Home » Releases » Security Breach Results in Potential Theft of Sensitive Clinton Administration Archives
WASHINGTON. D.C. – House Committee on Oversight and Government Reform Ranking Member Darrell Issa (R-CA) today called for National Archives and Administration Acting Archivist Adrienne Thomas to appear before an Oversight and Government Reform Subcommittee on Thursday to answer questions regarding the loss of a hard drive containing national security information and other Clinton Administration records.
The National Archives and Records Administration (NARA) Inspector General briefed Committee staff today regarding a current investigation into the loss of a hard drive containing national security information from NARA’s College Park facility. The drive contains one terabyte of data derived from records from the Clinton presidency. Data on the drive includes more than 100,000 social security numbers (including Al Gore’s daughter), contact information (including addresses) for various Clinton administration officials, Secret Service and White House operating procedures, event logs, social gathering logs, political records and other highly-sensitive information. The full extent of the contents of the drive is still being investigated. One terabyte of data is the approximate equivalent of millions of books, according to the Inspector General.
“This egregious breach raises significant questions regarding the effectiveness of the security protocols that are in place at the National Archives and Records Administration,” Issa said. “Acting Director Thomas should appear before the committee either voluntarily or via subpoena on Thursday to explain how such an outrageous breach of security happened.”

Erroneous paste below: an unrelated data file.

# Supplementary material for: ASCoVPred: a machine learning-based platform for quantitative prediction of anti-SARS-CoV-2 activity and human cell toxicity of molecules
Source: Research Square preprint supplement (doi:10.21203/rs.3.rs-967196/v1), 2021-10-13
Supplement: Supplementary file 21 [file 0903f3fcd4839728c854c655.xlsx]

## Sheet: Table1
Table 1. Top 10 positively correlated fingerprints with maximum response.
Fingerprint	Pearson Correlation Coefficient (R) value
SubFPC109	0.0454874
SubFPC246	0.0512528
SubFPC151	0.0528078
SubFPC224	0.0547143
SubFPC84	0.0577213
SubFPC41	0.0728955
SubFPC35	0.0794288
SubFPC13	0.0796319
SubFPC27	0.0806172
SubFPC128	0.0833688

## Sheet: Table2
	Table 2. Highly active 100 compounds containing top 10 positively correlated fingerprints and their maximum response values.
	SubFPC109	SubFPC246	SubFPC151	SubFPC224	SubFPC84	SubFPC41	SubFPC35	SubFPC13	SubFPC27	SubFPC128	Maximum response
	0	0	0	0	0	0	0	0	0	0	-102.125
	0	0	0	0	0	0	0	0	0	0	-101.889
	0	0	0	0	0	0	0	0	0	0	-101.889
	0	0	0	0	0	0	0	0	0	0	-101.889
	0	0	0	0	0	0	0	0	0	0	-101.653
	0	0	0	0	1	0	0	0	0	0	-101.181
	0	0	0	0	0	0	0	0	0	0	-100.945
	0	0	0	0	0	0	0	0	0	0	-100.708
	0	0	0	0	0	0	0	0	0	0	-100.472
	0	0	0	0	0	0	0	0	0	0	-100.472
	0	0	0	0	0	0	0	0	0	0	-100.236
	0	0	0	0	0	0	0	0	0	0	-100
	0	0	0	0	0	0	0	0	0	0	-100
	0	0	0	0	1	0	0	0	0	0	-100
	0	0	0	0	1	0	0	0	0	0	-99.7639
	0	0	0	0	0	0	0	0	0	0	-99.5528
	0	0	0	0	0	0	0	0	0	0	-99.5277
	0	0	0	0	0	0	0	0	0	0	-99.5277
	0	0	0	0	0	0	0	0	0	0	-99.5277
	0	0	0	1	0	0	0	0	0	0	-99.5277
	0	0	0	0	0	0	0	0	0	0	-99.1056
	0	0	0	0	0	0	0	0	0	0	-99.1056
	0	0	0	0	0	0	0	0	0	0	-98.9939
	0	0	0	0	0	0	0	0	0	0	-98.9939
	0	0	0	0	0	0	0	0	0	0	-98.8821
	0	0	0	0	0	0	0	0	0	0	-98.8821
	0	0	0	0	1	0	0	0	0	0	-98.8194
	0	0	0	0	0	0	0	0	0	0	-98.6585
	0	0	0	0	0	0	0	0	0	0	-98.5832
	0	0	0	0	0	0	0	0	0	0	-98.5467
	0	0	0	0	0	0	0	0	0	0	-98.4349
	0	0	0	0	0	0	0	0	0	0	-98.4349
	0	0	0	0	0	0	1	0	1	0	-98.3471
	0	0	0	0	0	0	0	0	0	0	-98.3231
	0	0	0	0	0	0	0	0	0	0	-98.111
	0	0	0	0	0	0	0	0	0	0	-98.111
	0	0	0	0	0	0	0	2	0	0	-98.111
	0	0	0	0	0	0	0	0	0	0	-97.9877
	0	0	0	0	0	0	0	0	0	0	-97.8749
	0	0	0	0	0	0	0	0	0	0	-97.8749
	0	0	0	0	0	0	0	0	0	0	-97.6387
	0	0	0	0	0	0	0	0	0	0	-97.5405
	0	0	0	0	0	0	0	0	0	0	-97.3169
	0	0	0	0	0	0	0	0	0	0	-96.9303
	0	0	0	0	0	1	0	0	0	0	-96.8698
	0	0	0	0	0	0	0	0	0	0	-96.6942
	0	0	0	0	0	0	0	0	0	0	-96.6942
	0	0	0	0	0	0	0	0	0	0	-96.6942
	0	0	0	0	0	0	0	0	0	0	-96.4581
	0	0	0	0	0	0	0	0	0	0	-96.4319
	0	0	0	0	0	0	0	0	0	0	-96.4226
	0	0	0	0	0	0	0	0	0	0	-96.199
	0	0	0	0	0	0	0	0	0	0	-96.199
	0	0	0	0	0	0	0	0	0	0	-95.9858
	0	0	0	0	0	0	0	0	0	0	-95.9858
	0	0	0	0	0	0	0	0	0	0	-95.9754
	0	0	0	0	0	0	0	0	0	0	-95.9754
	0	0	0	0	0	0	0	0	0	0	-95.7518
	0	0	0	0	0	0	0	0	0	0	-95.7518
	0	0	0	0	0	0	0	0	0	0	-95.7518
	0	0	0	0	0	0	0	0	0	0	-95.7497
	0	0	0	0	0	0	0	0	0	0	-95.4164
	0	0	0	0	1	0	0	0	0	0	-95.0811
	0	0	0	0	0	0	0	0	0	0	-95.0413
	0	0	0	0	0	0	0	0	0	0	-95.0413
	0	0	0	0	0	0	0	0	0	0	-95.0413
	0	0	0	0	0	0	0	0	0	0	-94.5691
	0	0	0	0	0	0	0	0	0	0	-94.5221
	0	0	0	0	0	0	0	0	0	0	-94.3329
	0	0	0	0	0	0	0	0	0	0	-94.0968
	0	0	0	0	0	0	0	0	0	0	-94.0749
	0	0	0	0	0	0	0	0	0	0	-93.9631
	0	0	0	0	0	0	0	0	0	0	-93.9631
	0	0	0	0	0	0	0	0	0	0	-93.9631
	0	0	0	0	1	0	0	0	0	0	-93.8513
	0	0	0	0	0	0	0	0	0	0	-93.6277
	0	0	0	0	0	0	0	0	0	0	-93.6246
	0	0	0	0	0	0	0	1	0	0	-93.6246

The hard drive was moved from a “secure” storage area to a workspace while it was in use as part of a process to convert the Clinton Administration. The IG explained that at least 100 “badge-holders” had access to the area where the hard drive was left unsecured. In addition to those with official access to sensitive material, the IG claims that janitors, visitors, interns and others passed through the area where the driver was being kept. The IG describes the workspace as an area that Archives employees pass through on their way to the bathroom. The door is often left open for ventilation.
The loss occurred between October 2008 and March 2009. The IG is investigating the situation as a crime with the assistance of the Department of Justice and the Secret Service but they have not yet determined if the loss was the result of theft or accidental loss.
The IG described a potentially catastrophic lack of internal controls at NARA. Even the “secure” storage spaces for sensitive information are susceptible to breach. In a previous IG report, he described how the Acting Archivist wrote off the loss of $6 million worth of computer equipment (driver, laptops, etc.).
A hearing of the Subcommittee on Information Policy, Census, and National Security Archives is scheduled for Thursday, May 21st at 2:00 p.m. (EST) to examine issues that President Obama’s administration should consider in selecting the next Archivist of the United States.